“[We’re] getting him to the right position so that he has more success with his timing and rhythm,” De Renne said. “Once all that happens, it’s going to be a lot easier for him to be that much more consistent.”

But Esposito welcomes the struggles for now, to continue pushing Tucker.

“His work ethic is going to allow him to work out of any struggles he may or may not have,” Esposito said. “And that’s what we want. I want him to struggle. I want him to face some adversity, some challenges, that’s going to push him when he’s here.”

  • You know though, Charleston would not be a bad place for a young player to adjust. Its big enough to get a bit of a city experience, but not overwhelmingly big where you have to deal with lots of traffic, crime etc. I also know a lot of the
    fans work to create a “home” like environment for the
    players.

  • BuccosFanStuckinMD
    June 3, 2015 9:31 pm

    Sounds like a great kid, mature beyond his years.

    I am still concerned about his bat – as he advances through the system.

    As far as sticking at SS, I thought that was foregone conclusion and one of the reasons the Pirates drafted him so high – that he had the range and arm to definitely stay at SS. This article states “that he should” be able to stick at SS, as if there is some doubt. That is a little concerning.

    • The doubt comes from the fact that he’s 6′-4″ with a ton of room in his frame to fill out; good news for the offense, but there just aren’t many SS with that size. Sort of the defensive version of assuming a 5′-11″ pitcher will end up in the bullpen.

      • Speaking of height for pitchers is this why Phil Bickford is slotted so low in the mock drafts? Plus I’ve seen him listed at 6 foot and also 6 foot 4. How tall is this dude?

  • Great kid with an even better attitude. My wife and I met him while eating at Pier22 during spring training. I don’t think I have ever rooted more for a player to have success. Would love to see him in Pittsburgh

    • My player is Heredia [forgot his 1st. name] and am looking forward to seeing him in a Pirate uniform.

  • Did not think you had a family tim, I thought you were hatched from a baseball and raised on a diamond. : ) As for cole tucker if this kid does not become a star I will eat my hat. (After I buy one)

  • Christopher B
    June 3, 2015 4:08 pm

    Tucker seems to have a great attitude and a really good idea of what it takes to be a pro, what it takes to improve and reach his potential. Great mindset, student of the game sort of kid. I have high hopes for him.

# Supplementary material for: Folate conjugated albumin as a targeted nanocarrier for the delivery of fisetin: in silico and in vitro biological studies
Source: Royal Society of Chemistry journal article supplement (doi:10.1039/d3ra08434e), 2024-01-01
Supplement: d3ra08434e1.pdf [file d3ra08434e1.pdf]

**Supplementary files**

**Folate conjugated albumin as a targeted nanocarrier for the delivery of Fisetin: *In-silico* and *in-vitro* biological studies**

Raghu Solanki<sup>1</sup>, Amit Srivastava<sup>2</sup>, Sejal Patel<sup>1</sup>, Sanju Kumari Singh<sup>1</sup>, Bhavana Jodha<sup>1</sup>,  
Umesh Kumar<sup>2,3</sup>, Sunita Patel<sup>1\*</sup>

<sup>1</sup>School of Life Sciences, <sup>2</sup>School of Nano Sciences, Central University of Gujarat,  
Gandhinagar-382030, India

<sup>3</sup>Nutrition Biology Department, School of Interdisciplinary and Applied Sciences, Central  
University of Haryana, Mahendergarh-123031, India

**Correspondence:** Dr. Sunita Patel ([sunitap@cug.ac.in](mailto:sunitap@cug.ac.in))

• Is he about 9 months younger than Hanson in Low A? Did I do that math right? “You’ve got to be a full-on adult here.” I almost choked on my coffee when I read that because I was a about Tucker’s age when I entered my freshman year and there might’ve been one kid out of 20 on my floor that was somewhat mature. I get that these kids sign for 6 and 7 figures but going pro immediately sounds like no joke. I wonder if that’s why some kids wanna go to college for a couple years first.

    • I feel like most people dont appreciate how difficult that situation would be. You are 19, living on your own for the first time, playing a sport for a living and getting paid pretty crap money (after any signing bonus you may have gotten). Talk about a transition from high school to that.

      • Agreed.

      • John Dreker
        June 3, 2015 4:09 pm

        You could also think of it as having more money than they ever had and being in college without the classes. Most HS kids that sign get a decent bonus and while everyone talks about the low pay, many live with families and their food is paid for, either through their per diem or the buffet style “meals” they get afterwards, so they don’t need a huge paycheck, they aren’t going out of pocket unless it’s by choice(choosing to spend a lot). Many players see their parents during the season and they’re back home from the end of October through early March. While the baseball season is grueling, it’s better than many of the alternatives.

        • Am I understanding that right? Lots of HS draftees live with families in the minors?

          • He means host families. There are a few options for minor league players. One is that they live with someone who has made their home available to a player during the season. Another is that you get 3 or 4 (or 5 or 6 sometimes) players who rent an apartment together.

            • That’s awesome. I had no idea there were host families. I just figured 3 or 4 guys would get a place.

        • Amen brother.

  • Sounds promising.